Investigative journalist David Rose reveals the gob-smacking and dangerous naivete Western environmentalists, activists and changemakers have permitted themselves in relation to the Communist Party of China.
Investigative journalist David Rose looks at the ways in which elite members of the climate movement in Western democracies have been swept into China’s pocket as ‘useful idiots’ to the Communist Party, blind to President Xi Jinping’s ambition to achieve global supremacy by 2049, the 100th anniversary of the Maoist revolution. They may believe they are acting for the common good without realizing they are, in reality, targets of ‘discourse control’ — a term the Party uses to describe its strategy for shaping the way the world thinks and talks about China, presenting the government in a favourable light.
Excerpt from the article:
This year, for what it’s worth, [Professor Lord Nicholas Stern, Chairman of the Grantham Centre on Climate Change at the London School of Economics, and a longstanding government adviser who wrote a report for Blair’s Labour government on the need to go green] has called on China to stop building new coal-fired plants. But he still spoke at this year’s CCICED [China Council for International Co-operation on Environment and Development], while his spokesman told me that China remained “keen to learn from the UK’s example of world-leading action on climate change” and said the rate of increase in its emissions had slowed enormously. While this may be true, China’s emissions continued to rise even through the pandemic, and now exceed the total produced by the rest of the developed world.
On paper, at least, you might argue there’s no harm in that. After all, the CCICED’s “mission” is to build “a more beautiful China and a green and bountiful world”. Who could possibly object?
Hardly anyone, I suspect, until they learnt that, the CCICED’s Chinese members include not only top Party bosses but officials who work with China’s United Front Work Department, one of the CCP’s main instruments for exerting influence abroad. Among them is Li Xiaolin, a top party cadre and the daughter of China’s late president Li Xiannan. Until recently, she was the chair of the Chinese People’s Association for Friendship with Foreign Countries — which, as Hamilton and Ohlberg show in their book, is one of China’s most important foreign influence organisations.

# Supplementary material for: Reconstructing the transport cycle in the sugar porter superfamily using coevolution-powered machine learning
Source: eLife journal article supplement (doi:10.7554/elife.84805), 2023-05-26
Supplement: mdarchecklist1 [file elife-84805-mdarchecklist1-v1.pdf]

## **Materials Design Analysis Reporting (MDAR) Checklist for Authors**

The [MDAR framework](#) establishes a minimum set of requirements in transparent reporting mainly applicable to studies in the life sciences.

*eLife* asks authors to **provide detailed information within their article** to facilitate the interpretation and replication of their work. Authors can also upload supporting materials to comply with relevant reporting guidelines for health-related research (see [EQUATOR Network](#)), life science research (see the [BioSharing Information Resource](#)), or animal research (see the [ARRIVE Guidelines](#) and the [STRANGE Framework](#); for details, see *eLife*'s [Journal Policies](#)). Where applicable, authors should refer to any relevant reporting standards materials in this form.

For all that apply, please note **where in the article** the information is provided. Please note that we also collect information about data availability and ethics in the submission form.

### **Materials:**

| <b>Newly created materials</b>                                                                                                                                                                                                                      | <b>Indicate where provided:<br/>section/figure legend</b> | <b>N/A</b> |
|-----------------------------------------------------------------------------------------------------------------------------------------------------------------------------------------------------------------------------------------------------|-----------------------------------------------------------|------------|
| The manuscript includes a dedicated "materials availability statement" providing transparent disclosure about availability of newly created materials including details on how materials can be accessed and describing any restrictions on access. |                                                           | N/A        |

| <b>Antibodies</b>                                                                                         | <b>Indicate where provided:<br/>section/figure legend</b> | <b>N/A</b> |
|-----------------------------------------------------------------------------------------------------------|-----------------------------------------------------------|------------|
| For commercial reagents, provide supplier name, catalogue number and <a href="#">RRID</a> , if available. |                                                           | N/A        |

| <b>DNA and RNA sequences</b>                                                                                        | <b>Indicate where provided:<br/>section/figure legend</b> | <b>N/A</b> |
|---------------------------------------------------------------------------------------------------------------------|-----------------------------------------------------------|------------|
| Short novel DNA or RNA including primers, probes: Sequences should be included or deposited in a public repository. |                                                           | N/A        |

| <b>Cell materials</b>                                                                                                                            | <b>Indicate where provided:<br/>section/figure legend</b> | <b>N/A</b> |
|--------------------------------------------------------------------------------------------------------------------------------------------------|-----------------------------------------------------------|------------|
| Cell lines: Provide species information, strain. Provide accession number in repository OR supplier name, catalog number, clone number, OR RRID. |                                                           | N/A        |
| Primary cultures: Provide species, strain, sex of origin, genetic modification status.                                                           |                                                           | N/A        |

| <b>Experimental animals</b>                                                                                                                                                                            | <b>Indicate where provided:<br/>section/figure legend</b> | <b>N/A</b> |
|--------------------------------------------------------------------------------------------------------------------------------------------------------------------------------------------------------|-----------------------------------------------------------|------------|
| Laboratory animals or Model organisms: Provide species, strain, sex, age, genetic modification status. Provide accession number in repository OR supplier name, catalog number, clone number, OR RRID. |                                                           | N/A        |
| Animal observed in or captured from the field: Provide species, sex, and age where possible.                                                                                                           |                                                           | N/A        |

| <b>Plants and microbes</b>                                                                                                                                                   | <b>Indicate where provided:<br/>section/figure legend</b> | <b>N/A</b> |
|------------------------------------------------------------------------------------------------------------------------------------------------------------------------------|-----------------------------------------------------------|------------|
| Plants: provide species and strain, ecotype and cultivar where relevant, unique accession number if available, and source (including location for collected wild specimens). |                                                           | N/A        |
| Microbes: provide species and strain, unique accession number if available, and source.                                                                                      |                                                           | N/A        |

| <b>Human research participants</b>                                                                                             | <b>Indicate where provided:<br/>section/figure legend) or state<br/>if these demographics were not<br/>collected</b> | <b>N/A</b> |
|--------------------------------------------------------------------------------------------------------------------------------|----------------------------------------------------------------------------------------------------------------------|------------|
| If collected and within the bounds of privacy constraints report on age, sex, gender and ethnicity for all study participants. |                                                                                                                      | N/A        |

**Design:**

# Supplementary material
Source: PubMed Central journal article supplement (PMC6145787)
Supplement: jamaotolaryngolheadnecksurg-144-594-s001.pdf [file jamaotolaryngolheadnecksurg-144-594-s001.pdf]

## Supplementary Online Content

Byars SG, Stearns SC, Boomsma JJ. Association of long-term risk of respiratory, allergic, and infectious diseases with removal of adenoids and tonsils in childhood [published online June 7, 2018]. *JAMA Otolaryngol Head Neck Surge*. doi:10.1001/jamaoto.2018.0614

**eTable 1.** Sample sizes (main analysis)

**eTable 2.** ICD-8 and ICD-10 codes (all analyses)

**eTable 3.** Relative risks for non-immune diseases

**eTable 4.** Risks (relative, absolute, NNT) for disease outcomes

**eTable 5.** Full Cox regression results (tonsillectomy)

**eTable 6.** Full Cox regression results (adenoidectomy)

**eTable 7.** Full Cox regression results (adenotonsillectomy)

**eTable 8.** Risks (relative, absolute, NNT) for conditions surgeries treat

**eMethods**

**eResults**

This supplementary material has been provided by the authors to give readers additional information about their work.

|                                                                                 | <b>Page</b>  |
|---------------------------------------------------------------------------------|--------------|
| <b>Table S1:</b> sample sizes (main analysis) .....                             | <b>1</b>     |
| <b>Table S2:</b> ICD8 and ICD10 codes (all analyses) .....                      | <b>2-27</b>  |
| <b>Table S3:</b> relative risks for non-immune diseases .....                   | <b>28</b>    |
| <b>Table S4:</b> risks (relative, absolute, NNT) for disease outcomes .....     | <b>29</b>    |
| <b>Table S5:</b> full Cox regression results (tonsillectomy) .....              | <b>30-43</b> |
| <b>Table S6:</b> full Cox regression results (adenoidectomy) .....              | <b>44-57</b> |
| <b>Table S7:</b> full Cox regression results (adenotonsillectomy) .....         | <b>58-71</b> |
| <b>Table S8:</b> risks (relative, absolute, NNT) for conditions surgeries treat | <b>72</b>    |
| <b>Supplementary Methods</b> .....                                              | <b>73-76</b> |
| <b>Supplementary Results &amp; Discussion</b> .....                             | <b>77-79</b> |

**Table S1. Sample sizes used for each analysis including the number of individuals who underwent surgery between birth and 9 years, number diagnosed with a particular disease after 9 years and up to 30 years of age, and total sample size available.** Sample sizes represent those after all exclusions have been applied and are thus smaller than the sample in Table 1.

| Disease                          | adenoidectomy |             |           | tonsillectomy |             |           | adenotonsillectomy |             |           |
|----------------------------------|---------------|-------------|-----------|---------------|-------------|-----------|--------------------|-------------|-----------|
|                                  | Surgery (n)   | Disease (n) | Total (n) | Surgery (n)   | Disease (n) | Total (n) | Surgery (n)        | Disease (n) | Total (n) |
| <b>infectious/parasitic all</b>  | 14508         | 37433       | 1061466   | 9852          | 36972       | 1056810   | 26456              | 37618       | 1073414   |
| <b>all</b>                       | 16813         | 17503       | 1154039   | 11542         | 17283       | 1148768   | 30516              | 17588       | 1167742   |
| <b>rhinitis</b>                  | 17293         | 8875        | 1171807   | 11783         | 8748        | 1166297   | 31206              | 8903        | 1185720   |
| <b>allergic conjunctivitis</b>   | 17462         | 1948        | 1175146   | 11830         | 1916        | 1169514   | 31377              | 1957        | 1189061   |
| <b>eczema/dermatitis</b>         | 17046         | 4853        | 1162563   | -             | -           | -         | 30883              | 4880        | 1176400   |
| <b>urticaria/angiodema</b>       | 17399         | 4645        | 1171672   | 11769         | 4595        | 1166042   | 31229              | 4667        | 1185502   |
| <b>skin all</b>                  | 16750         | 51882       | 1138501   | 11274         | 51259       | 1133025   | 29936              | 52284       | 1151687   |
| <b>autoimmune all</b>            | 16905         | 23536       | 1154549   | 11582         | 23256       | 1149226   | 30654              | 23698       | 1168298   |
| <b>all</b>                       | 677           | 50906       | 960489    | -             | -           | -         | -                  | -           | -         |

What does this mean in practice? According to Patricia Adams, director of the Toronto-based environmental think tank Probe International, in 2017 a new Chinese law forced foreign NGOs there to submit to “close supervision” by the Ministry of Public Security, responsible for crushing dissent and controlling China’s secret police. Any organisation deemed to have “harmed the national interest” risks having its assets seized, its staff jailed, and being permanently banned.
Adams knows this fully well: in 2014, when the new law was being discussed, two Chinese academics she was working with were arrested and later jailed, and Probe International named as co-conspirators. Their crime? “Picking quarrels and provoking troubles” for speaking out on issues such as the rule of law. After that, Adams tells me, “it was no longer safe for us to work in China”. As for the Western environmentalists who still do, she adds: “They hope they can influence China’s leadership. But they are also aware that for them, to publicly criticise China’s policy would be suicide.”
Take, for example, the aforementioned CIFF, whose Chief Executive attended the CCICED gathering in September. Along with the WWF and ClientEarth, it has a branch in China which is subject to CCP control. There, the CIFF employs one Wang Yi as its “independent adviser on climate projects”. As chance would have it, he also happens to be a high-ranking member of China’s puppet parliament, the National People’s Congress.
To what extent that compromises his impartiality is anyone’s guess. But it is striking that the CIFF — a registered UK charity — gives away millions of pounds to projects in China. These include an £18 million grant to “help contribute to peaking China’s emissions”, £14 million to give China “evidence-based recommendations” for renewable energy, and, most astonishingly of all, £8 million to assist China “in global climate governance”.
This might not matter quite so much were Sir Christopher and the CIFF not prominent funders of green causes in Britain and Europe. He has personally given £50,000 to Extinction Rebellion, with a further £150,000 from the CIFF. When these payments emerged in 2019, Hohn said: “I recently gave them £50,000 because humanity is aggressively destroying the world with climate change and there is an urgent need for us all to wake up to this fact.”
But not, apparently, to China’s role in it. When I asked an Extinction Rebellion spokesperson why they never said anything about China, she told me: “It would be divisive to put pressure on one particular nation. It would be hypocritical.”
Yet the CIFF’s China connection extends well beyond Extinction Rebellion: it is also the biggest funder of the European Climate Foundation, based in Brussels but with an office in London, to which the CIFF donated £29 million last year. Strikingly, the ECF’s deputy chair is a familiar figure: the CIFF’s Kate Hampton.